Heart Failure Patients Don't Need Continuous Infusion of
WEDNESDAY, March 2 (HealthDay News) -- Answering lingering
questions about the treatment of acute heart failure, investigators
have determined that there are no real differences in how patients
fare when they're given diuretic therapy one dose at a time or
Nor was there any real difference in outcomes with the lower
versus the higher dose, although there was a trend toward
improvement the higher the doctors went.
These findings should make decisions easier for the doctors
around the United States who treat the one million heart failure
patients who are hospitalized each year.
"Today doctors all over the U.S. are having to make a decision on how to give diuretics. This gives insight as to the trade-off between efficacy and safety in each decision," said Dr. Michael Felker, lead author of a study appearing in the March 3 issue of the New England Journal of Medicine.
Loop diuretics have been the mainstay of treatment for acute
heart failure for 40 or 50 years, but because the drugs were
introduced so long ago, they weren't subject to the rigorous
evaluation that today's pharmaceuticals undergo before hitting the
Scientists are on the hunt for newer and better treatments for
acute heart failure, but in the meantime, diuretics are the
As a result, Felker said, "for 40 years, we were basically doing
things based on clinical impressions, anecdotal experience, the way
that a particular [doctor] was used to doing it. This is the first
time we have high-quality data from a randomized controlled trial
to help inform that decision."
For this study, 308 patients with acute decompensated heart
failure were randomly divided into two groups. One was to receive
furosemide (Lasix), the most commonly used diuretic for heart
failure, intravenously by a bolus every 12 hours; the other would
get it by continuous infusion, and both groups would get high and
Symptoms and measures of kidney function after 72 hours were
about the same in each group.
But looking more closely at the data, the researchers found "a
pretty strong suggestion that the high doses are actually better,"
said Felker, associate professor of medicine at Duke University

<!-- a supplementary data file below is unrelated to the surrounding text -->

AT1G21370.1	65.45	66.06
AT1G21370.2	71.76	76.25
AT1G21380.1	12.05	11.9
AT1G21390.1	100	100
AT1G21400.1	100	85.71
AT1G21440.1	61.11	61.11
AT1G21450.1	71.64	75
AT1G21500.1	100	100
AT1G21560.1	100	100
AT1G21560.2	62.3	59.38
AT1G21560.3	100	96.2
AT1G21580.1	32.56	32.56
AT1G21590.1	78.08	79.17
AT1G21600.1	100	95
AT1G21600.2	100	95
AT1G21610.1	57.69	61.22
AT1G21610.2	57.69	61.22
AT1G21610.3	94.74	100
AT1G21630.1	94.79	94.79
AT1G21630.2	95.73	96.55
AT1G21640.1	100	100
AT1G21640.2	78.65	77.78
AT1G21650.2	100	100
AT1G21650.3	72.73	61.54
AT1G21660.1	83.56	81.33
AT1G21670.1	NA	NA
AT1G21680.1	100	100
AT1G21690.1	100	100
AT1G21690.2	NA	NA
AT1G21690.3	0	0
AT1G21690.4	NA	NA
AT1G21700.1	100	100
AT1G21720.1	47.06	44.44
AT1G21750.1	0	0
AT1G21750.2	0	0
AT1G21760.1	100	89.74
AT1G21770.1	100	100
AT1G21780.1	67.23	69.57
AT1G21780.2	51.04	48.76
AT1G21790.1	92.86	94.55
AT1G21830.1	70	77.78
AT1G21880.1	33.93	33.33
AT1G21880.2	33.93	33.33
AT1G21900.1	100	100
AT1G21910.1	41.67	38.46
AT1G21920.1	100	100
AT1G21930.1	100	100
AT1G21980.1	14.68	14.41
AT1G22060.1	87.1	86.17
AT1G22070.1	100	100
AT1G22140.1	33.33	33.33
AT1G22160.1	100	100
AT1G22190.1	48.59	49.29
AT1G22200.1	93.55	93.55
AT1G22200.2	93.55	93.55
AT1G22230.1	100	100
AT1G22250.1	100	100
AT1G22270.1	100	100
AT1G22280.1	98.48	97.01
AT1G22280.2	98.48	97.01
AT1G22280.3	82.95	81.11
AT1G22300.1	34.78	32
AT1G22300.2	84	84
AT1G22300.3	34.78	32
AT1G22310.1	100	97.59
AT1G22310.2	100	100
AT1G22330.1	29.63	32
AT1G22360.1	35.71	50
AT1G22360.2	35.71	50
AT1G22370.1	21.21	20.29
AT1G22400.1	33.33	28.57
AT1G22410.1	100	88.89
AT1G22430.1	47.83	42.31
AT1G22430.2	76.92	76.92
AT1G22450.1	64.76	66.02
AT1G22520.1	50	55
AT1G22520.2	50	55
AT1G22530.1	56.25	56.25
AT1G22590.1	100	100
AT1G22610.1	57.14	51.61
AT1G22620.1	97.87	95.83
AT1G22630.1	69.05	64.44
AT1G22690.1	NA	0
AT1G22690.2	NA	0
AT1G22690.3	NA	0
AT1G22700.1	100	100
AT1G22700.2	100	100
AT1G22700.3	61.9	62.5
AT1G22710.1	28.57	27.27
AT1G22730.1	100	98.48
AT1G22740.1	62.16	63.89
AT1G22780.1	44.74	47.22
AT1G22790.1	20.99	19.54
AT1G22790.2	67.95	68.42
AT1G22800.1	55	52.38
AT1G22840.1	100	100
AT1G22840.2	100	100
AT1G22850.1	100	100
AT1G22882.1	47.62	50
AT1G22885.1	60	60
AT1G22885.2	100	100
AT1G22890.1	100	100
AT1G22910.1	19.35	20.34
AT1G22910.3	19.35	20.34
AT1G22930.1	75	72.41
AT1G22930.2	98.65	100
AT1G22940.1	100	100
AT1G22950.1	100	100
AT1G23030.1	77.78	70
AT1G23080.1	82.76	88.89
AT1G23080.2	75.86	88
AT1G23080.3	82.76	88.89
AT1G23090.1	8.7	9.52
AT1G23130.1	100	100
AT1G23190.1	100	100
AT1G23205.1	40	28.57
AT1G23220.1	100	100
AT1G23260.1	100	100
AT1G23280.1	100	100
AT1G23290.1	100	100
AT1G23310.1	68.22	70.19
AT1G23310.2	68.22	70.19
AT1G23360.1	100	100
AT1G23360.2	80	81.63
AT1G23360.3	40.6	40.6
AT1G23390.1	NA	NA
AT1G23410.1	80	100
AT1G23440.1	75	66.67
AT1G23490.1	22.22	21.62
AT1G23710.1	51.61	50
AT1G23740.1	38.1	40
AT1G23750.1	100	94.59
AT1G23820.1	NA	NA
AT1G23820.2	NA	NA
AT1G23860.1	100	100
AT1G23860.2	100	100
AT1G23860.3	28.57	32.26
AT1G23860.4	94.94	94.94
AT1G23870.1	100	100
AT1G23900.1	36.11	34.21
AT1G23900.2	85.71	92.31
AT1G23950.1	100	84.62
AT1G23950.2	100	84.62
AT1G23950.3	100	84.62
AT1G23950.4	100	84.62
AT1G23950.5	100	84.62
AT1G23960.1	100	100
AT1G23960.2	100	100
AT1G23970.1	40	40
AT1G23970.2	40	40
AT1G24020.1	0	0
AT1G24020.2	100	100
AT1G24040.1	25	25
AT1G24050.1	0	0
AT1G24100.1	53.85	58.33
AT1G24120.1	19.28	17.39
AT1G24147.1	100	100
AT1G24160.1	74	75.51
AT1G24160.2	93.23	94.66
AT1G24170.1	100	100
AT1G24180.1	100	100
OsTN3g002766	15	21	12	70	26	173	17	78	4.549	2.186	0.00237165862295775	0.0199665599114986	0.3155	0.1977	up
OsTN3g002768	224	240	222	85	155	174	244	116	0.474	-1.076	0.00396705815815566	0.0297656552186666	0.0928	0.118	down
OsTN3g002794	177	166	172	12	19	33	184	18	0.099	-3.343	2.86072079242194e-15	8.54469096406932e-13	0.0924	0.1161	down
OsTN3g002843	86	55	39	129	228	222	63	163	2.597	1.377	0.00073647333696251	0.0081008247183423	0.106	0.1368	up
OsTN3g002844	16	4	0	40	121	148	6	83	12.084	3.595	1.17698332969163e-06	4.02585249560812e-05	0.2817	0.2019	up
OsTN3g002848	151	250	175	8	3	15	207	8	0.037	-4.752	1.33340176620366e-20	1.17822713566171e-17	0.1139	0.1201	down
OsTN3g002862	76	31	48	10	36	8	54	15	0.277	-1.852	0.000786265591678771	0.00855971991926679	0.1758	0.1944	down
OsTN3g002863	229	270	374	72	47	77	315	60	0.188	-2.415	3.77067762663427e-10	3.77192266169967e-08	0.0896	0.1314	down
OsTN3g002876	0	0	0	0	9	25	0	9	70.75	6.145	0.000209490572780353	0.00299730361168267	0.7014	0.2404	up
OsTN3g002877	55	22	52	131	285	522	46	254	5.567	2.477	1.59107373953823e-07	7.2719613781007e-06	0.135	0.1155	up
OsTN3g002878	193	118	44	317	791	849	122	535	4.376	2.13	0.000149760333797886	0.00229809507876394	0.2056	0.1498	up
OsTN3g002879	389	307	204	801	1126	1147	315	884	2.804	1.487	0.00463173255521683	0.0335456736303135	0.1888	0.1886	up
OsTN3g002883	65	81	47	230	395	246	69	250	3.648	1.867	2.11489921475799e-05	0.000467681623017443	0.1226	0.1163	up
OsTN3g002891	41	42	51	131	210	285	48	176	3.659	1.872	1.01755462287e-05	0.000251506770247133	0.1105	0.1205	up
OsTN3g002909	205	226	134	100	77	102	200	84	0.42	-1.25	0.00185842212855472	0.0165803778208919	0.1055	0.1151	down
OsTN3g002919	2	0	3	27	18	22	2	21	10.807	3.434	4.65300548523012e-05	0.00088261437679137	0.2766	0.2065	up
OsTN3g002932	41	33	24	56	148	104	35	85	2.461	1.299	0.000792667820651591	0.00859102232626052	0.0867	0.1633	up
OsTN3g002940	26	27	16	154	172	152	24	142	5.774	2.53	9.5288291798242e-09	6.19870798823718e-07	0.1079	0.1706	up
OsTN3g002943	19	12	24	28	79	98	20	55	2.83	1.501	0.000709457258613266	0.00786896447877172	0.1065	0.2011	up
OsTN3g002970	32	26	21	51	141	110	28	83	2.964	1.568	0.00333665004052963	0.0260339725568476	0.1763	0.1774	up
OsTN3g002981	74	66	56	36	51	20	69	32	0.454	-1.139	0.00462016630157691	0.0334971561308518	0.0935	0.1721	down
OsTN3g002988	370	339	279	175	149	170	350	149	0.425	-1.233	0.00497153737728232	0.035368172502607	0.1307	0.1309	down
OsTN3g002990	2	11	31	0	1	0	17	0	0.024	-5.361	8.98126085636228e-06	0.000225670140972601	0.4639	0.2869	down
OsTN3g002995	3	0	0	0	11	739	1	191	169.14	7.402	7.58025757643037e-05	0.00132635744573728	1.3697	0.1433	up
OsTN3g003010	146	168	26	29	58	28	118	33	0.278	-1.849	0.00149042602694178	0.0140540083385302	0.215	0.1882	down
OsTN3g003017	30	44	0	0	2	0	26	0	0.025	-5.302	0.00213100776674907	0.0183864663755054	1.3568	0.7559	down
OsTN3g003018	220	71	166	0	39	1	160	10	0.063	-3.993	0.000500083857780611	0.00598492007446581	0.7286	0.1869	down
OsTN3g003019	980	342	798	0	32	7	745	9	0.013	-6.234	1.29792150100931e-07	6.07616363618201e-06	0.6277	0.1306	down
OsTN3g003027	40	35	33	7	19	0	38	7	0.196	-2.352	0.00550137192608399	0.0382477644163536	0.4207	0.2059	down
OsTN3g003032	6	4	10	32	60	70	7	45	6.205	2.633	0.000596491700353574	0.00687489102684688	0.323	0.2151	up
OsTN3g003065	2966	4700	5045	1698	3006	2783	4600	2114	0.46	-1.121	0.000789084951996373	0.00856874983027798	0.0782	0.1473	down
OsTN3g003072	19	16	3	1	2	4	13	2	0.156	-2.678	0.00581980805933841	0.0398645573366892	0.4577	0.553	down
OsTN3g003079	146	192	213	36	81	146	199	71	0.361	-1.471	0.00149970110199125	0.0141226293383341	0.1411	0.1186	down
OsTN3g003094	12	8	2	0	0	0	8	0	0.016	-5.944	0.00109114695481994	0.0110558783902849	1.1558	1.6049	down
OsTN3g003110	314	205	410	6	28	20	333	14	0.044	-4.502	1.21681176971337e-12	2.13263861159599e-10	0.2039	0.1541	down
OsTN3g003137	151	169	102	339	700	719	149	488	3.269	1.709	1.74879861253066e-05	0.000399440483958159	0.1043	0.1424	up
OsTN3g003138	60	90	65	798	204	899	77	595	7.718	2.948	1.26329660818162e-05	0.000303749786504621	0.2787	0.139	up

Medical Center in Durham, N.C.
This goes against the grain of what people had been thinking:
that high doses might be dangerous, he said. Also, many people had
thought continuous administration was probably better but, Felker
said, "the results were completely neutral. There was no
"This study shows that as a general strategy, it is reasonable to use IV bolus dosing instead of continuous infusion dosing of furosemide for patients hospitalized with heart failure," said Dr. Stuart Katz, director of the Heart Failure Program at New York University Langone Medical Center in New York City.
"This is important because the continuous infusion is more expensive," he said. Also, the IV pole needed for the pump hampers the patient's ability to walk around, he noted.
But the study also showed that "the post-discharge event rates
for patients hospitalized with heart failure is extremely high,"
Katz added. "Much more work is needed to develop effective
strategies to reduce this risk."
An editorial accompanying the study echoed this sentiment. The
trial "underscores the dismal prognosis for patients with acute
decompensated heart failure," wrote Dr. Gregg Fonarow of the
University of California at Los Angeles.
Fonarow commended the study for introducing the concept of
comparative-effectiveness studies into the field of heart-failure
"In this well-conducted study, performed at institutions that have highly regarded programs for patients with heart failure, there was an unacceptably high (43%) rate of death, rehospitalization, or emergency department visits within the first 60 days, irrespective of treatment assignment," he said.
"Clearly, there is a crucial need to develop new agents and effective strategies for this patient population," he concluded.
The American Heart Association has more on
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